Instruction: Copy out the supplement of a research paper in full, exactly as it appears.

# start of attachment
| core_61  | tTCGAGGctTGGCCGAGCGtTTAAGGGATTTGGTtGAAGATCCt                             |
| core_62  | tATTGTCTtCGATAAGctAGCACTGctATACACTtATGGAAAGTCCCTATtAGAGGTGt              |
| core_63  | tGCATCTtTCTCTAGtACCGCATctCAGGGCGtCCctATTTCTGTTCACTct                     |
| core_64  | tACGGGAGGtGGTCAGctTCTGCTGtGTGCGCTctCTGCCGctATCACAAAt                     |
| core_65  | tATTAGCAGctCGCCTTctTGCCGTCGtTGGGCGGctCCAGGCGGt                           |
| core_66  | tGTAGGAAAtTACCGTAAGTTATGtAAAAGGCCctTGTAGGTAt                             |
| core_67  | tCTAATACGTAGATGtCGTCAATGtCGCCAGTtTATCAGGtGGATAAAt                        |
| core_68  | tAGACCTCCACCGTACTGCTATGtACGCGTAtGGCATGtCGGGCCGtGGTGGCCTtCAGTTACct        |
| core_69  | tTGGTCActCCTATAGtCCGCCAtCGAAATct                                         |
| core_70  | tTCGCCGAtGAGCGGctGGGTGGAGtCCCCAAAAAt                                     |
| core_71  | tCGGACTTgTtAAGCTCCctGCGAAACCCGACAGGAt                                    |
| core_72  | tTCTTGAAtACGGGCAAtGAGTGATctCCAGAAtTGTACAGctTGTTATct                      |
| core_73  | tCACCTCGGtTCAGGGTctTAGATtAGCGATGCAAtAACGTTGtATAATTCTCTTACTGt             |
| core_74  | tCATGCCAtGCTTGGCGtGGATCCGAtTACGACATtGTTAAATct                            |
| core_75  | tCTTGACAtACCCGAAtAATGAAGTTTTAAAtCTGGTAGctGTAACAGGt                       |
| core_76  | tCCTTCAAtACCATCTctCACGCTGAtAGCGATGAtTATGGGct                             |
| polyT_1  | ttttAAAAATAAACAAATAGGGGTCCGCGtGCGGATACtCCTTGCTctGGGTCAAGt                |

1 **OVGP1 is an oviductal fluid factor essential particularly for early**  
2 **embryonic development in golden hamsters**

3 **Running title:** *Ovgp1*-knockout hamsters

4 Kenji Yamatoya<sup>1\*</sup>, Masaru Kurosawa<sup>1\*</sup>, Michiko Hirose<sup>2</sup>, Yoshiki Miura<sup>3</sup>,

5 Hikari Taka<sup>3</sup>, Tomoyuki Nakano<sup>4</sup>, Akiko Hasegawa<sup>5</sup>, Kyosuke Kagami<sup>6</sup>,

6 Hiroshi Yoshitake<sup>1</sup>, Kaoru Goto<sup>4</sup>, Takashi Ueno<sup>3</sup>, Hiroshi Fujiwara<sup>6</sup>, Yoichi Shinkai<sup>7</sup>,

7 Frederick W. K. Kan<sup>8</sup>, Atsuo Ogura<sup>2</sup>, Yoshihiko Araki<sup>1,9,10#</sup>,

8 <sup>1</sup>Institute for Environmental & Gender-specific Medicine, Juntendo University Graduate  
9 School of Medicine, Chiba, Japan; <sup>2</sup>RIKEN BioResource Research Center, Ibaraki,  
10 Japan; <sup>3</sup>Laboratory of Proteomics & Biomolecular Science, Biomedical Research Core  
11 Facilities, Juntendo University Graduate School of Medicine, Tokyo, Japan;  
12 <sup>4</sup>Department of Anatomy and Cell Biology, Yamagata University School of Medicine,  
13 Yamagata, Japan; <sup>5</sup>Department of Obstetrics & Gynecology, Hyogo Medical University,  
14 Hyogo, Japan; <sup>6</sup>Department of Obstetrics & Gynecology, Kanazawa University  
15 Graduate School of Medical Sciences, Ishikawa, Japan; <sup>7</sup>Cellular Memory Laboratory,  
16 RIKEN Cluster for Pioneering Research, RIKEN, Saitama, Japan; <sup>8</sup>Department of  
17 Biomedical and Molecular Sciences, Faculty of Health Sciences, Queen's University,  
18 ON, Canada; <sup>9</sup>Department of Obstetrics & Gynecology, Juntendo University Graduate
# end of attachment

| core_61  | tTCGAGGctTGGCCGAGCGtTTAAGGGATTTGGTtGAAGATCCt                             |
| core_62  | tATTGTCTtCGATAAGctAGCACTGctATACACTtATGGAAAGTCCCTATtAGAGGTGt              |
| core_63  | tGCATCTtTCTCTAGtACCGCATctCAGGGCGtCCctATTTCTGTTCACTct                     |
| core_64  | tACGGGAGGtGGTCAGctTCTGCTGtGTGCGCTctCTGCCGctATCACAAAt                     |
| core_65  | tATTAGCAGctCGCCTTctTGCCGTCGtTGGGCGGctCCAGGCGGt                           |
| core_66  | tGTAGGAAAtTACCGTAAGTTATGtAAAAGGCCctTGTAGGTAt                             |
| core_67  | tCTAATACGTAGATGtCGTCAATGtCGCCAGTtTATCAGGtGGATAAAt                        |
| core_68  | tAGACCTCCACCGTACTGCTATGtACGCGTAtGGCATGtCGGGCCGtGGTGGCCTtCAGTTACct        |
| core_69  | tTGGTCActCCTATAGtCCGCCAtCGAAATct                                         |
| core_70  | tTCGCCGAtGAGCGGctGGGTGGAGtCCCCAAAAAt                                     |
| core_71  | tCGGACTTgTtAAGCTCCctGCGAAACCCGACAGGAt                                    |
| core_72  | tTCTTGAAtACGGGCAAtGAGTGATctCCAGAAtTGTACAGctTGTTATct                      |
| core_73  | tCACCTCGGtTCAGGGTctTAGATtAGCGATGCAAtAACGTTGtATAATTCTCTTACTGt             |
| core_74  | tCATGCCAtGCTTGGCGtGGATCCGAtTACGACATtGTTAAATct                            |
| core_75  | tCTTGACAtACCCGAAtAATGAAGTTTTAAAtCTGGTAGctGTAACAGGt                       |
| core_76  | tCCTTCAAtACCATCTctCACGCTGAtAGCGATGAtTATGGGct                             |
| polyT_1  | ttttAAAAATAAACAAATAGGGGTCCGCGtGCGGATACtCCTTGCTctGGGTCAAGt                |

1 **OVGP1 is an oviductal fluid factor essential particularly for early**  
2 **embryonic development in golden hamsters**

3 **Running title:** *Ovgp1*-knockout hamsters

4 Kenji Yamatoya<sup>1\*</sup>, Masaru Kurosawa<sup>1\*</sup>, Michiko Hirose<sup>2</sup>, Yoshiki Miura<sup>3</sup>,

5 Hikari Taka<sup>3</sup>, Tomoyuki Nakano<sup>4</sup>, Akiko Hasegawa<sup>5</sup>, Kyosuke Kagami<sup>6</sup>,

6 Hiroshi Yoshitake<sup>1</sup>, Kaoru Goto<sup>4</sup>, Takashi Ueno<sup>3</sup>, Hiroshi Fujiwara<sup>6</sup>, Yoichi Shinkai<sup>7</sup>,

7 Frederick W. K. Kan<sup>8</sup>, Atsuo Ogura<sup>2</sup>, Yoshihiko Araki<sup>1,9,10#</sup>,

8 <sup>1</sup>Institute for Environmental & Gender-specific Medicine, Juntendo University Graduate  
9 School of Medicine, Chiba, Japan; <sup>2</sup>RIKEN BioResource Research Center, Ibaraki,  
10 Japan; <sup>3</sup>Laboratory of Proteomics & Biomolecular Science, Biomedical Research Core  
11 Facilities, Juntendo University Graduate School of Medicine, Tokyo, Japan;  
12 <sup>4</sup>Department of Anatomy and Cell Biology, Yamagata University School of Medicine,  
13 Yamagata, Japan; <sup>5</sup>Department of Obstetrics & Gynecology, Hyogo Medical University,  
14 Hyogo, Japan; <sup>6</sup>Department of Obstetrics & Gynecology, Kanazawa University  
15 Graduate School of Medical Sciences, Ishikawa, Japan; <sup>7</sup>Cellular Memory Laboratory,  
16 RIKEN Cluster for Pioneering Research, RIKEN, Saitama, Japan; <sup>8</sup>Department of  
17 Biomedical and Molecular Sciences, Faculty of Health Sciences, Queen's University,  
18 ON, Canada; <sup>9</sup>Department of Obstetrics & Gynecology, Juntendo University Graduate